New York Personal Injury Law Blog » Ambulance Chasing


November 8th, 2019

Feds: Cops at Center of Ambulance Chasing Scam

Good. Let me say it up front. Good.

For years I’ve heard through the grapevine, from new clients or other attorneys, about folks being injured in auto collisions and somehow, someway, some lawyer got their telephone number and contacted them, oft times while they were still in the hospital.

From there they were steered to clinics and doctors of dubious character. They would, in turn, bill the No-Fault insurance system up the wazoo for treatment that might (or might not) be warranted. And, of course, the cases land with a certain cadre of unethical lawyers. The injured were being victimized a second time by now being in the hands of the unscrupulous. (See: Ambulance Chasers, Runners and Other Creeps.)

But I could never get anyone to go on the record here, as their concerns were not the big issue of ambulance chasing, but the very personal issue of the broken leg, pelvis or back. I even pitched the idea of running a sting to a friend in a D.A.s office. to no avail.

Who was getting the cell phone numbers and info on the injuries? Tow truck drivers? Nurses? Hospital administrators? Arrests happen sometimes, but not often enough as far as I am concerned.

But now the feds have done it, and if the allegations coming out of the Southern District of New York are proven, it seems it was some police officers in the NYPD were stealing the information to forward on to the medical clinics and the lawyers.

This is the lede from the New York Times (which didn’t bother to link to the original document):

For years, Angela Meyers, a 911 operator with the New York Police Department, fielded emergency calls, then filed reports about the calls within the department. 

But according to court documents, when someone called 911 after a car accident, Ms. Meyers did something else: She also passed victims’ information to an insurance fraud ring in Queens.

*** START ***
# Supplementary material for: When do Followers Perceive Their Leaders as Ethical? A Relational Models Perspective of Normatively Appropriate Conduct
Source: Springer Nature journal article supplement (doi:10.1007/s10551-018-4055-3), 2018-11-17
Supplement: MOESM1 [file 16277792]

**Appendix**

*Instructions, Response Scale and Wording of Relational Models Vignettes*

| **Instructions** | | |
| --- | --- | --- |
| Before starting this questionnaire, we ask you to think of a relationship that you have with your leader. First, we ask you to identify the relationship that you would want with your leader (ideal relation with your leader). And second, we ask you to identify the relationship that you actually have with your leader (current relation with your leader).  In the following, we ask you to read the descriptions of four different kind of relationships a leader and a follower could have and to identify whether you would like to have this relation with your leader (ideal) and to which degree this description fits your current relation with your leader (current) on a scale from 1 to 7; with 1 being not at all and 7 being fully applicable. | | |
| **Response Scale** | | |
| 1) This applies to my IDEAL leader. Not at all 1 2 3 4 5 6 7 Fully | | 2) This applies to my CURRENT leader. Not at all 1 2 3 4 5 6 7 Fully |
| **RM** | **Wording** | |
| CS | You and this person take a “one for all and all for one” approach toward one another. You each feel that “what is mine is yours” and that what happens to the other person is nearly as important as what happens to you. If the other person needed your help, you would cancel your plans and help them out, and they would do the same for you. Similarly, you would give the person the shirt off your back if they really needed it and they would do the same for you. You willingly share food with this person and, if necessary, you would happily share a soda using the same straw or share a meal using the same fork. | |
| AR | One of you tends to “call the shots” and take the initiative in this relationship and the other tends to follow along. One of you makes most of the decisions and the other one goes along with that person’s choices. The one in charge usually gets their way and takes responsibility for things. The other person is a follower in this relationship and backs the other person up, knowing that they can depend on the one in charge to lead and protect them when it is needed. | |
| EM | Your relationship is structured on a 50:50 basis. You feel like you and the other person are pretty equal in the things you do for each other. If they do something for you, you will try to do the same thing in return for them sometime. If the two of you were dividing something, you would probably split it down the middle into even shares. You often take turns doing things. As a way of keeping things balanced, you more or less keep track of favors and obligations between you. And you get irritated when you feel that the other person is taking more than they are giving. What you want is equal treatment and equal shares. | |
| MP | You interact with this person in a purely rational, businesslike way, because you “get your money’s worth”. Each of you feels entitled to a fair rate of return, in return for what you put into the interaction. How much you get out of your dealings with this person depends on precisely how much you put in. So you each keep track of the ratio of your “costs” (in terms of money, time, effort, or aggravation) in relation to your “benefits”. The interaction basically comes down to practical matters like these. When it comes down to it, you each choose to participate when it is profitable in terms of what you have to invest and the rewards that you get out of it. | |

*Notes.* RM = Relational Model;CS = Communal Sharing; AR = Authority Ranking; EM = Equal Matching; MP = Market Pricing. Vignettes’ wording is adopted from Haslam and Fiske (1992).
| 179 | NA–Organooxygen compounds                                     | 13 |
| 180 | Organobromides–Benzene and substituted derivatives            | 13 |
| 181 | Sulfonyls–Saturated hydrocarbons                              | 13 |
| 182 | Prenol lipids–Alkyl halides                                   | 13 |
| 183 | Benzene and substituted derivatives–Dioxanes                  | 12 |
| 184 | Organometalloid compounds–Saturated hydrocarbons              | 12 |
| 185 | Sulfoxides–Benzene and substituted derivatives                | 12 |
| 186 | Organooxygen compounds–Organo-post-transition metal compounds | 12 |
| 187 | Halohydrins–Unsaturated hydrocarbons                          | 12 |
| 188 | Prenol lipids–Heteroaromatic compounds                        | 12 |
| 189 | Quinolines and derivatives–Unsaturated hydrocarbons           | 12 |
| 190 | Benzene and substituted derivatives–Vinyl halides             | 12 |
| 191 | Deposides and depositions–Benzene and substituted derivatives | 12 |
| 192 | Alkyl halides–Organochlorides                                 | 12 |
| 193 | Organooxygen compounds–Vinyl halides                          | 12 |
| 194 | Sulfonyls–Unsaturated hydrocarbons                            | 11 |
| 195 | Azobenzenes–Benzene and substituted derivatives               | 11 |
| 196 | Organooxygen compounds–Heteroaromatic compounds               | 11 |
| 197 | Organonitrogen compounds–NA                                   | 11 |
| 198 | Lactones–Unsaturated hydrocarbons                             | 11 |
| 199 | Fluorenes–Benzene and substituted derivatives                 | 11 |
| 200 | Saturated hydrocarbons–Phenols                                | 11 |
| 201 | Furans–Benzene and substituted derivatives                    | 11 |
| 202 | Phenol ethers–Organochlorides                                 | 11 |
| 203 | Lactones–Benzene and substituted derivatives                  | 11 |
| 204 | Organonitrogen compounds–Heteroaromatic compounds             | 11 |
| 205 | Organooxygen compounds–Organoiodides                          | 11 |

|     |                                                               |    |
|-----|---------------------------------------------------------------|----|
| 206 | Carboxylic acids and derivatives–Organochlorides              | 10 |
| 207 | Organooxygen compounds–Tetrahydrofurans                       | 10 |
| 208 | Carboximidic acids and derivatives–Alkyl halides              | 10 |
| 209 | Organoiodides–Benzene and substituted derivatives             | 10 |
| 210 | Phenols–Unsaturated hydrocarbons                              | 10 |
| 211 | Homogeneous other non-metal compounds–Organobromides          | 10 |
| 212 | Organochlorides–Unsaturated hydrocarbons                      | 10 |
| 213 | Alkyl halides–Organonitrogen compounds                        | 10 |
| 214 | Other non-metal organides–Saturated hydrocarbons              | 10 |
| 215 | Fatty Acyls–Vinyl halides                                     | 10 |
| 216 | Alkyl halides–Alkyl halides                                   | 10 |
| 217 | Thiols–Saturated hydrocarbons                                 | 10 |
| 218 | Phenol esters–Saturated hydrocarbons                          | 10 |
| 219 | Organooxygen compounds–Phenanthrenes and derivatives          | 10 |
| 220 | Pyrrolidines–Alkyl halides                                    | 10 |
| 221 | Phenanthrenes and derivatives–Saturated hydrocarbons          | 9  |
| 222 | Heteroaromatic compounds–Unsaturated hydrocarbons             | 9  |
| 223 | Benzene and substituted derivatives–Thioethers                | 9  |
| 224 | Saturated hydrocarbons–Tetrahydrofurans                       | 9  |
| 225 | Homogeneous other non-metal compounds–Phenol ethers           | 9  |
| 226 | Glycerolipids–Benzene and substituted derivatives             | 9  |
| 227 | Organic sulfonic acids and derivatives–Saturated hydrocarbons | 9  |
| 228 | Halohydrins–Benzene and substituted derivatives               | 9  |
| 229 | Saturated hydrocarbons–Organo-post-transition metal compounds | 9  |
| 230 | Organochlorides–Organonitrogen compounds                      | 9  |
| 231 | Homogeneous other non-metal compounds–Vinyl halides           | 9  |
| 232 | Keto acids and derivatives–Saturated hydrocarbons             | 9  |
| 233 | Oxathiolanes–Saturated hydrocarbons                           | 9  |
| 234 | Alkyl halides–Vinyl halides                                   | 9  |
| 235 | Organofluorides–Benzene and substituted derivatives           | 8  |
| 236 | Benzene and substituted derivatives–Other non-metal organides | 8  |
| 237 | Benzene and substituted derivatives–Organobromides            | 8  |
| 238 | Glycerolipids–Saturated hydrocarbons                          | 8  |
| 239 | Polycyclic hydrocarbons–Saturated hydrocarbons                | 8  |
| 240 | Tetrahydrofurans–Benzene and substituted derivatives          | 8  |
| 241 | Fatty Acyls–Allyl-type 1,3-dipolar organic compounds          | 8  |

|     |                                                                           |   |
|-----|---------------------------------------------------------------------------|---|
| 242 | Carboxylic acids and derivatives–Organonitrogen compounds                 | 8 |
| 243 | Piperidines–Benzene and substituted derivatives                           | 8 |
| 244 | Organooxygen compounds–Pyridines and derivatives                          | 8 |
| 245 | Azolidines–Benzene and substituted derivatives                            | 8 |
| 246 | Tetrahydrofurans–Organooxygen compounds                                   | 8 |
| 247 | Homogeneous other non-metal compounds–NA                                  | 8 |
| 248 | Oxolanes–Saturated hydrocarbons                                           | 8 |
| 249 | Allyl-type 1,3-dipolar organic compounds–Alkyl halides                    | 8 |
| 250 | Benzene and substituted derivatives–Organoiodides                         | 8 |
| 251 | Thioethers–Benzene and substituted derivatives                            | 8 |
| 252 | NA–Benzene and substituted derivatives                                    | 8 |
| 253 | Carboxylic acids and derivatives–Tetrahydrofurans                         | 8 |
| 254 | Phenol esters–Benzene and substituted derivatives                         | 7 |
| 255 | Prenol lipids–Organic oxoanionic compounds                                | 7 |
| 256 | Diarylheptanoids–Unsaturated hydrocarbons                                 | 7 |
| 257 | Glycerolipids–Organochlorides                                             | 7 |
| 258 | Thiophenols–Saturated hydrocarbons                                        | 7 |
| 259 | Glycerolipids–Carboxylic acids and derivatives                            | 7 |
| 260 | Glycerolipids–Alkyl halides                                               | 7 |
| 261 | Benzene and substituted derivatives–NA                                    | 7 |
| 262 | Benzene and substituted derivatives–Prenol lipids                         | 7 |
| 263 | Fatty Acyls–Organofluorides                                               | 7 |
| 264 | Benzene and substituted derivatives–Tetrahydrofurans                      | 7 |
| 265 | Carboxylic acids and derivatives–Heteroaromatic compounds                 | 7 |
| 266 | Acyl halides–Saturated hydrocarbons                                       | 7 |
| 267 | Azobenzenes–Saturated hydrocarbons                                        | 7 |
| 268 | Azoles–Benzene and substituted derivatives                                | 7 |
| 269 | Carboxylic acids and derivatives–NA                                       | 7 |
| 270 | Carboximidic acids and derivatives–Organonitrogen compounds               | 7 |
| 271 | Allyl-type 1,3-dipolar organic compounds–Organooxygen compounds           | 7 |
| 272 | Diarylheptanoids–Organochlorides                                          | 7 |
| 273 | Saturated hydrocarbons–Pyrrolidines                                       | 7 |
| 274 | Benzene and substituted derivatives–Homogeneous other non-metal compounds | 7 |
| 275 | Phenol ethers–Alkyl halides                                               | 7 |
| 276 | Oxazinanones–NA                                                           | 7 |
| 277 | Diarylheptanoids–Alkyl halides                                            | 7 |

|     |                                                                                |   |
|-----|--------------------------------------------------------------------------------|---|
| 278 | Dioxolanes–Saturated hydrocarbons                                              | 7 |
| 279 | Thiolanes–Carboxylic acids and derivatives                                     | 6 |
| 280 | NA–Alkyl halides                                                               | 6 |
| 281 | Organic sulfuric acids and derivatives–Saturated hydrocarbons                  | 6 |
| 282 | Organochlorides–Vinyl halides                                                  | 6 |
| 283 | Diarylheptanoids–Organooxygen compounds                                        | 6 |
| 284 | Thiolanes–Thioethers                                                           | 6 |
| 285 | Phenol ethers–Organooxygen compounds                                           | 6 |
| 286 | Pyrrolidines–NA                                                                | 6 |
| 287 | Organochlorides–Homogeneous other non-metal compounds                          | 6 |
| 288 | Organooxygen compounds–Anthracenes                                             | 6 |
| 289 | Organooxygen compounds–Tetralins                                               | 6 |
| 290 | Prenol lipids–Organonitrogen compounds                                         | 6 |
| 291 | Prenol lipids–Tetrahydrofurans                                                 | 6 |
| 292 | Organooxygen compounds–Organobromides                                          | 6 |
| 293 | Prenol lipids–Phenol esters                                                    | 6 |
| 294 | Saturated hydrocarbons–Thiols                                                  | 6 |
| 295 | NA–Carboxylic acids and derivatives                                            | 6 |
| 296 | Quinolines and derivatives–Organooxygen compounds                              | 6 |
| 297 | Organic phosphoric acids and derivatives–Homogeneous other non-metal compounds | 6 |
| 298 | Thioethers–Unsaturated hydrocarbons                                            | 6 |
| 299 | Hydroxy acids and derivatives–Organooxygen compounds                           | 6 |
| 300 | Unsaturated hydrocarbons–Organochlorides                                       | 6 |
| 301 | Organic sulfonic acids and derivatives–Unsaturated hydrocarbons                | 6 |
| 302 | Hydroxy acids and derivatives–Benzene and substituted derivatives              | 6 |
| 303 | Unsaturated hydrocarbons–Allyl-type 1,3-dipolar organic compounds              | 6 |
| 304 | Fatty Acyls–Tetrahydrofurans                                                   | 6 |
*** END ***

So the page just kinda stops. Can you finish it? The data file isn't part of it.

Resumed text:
The article goes on to discuss the six current and former NYPD officers involved in the medical scam ring, and the fact that 27 people have already been arrested.

The kickbacks involved some 6,000 auto collision victims being steered in this manner, with over 60,000 people having their confidential information unlawfully disclosed. (Dear Media, they are called collisions, not accidents.) But the press release notes that this “is a fraction of the number of actual accident victims whose confidential information was unlawfully disclosed as part of the No-Fault Scheme.”

I’ve railed about the subject before, oft time with use of the internet for the solicitation: On plane crashes, train derailments, and explosions. Sometimes, as with this crane collapse, it is an out-of-state lawyer using the internet for solicitation here in New York.

It may be painful for me to see a few of my brethren at the bar act dishonestly, but it is far, far worse to let it continue. Corruption needs to be rooted out.

I’ve often noted to people that lawyers who are unethical at the start of representation are not likely to be ethical later as their interests are directed to the self and not the client, one of the many valuable lessons I learned as a puppy lawyer. And that concept is mirrored in the SDNY press release:

FBI Assistant Director William F. Sweeney Jr. said:  “The charges alleged in today’s indictment describe a scheme that blatantly violated HIPAA laws and actively targeted those the act was established to protect. May today’s arrests be a reminder to everyone that capitalizing on the pain and suffering of others won’t win you any favors in the court of law.”

But it isn’t just those caught up in the scams that are injured. It’s everyone else, too. When I stand up to pick a jury, there is, at times, an extraordinary amount of skepticism about the case, and that is before the facts of the case have even been discussed. Corruption by a few bad apples has a deleterious affect on the good.

And the insurance companies use these scams for their own benefit, leaping to the assumption that all cases are fraud. Even when the injuries are clearly documented, the adjusters use it as an excuse to behave in its own bad faith conduct.

Now this part is important for practicing lawyers, wondering which of our brethren were caught up in the scam: It may be you.

No way! How could that be! Well, if a cop or tow truck driver sends a case to Unethical Firm (for a tasty and unethical fee) and then Unethical refers case to Legitimate Firm, then Legitimate and its injured client may find itself in the middle of an investigation. As I noted some years ago, that happened to one of the most prominent personal injury firms in the city. And that is how illegitimately obtained cases can get “laundered.”

I’m guessing this story will have quite a few acts to go, and I intend to follow it up here as it continues.

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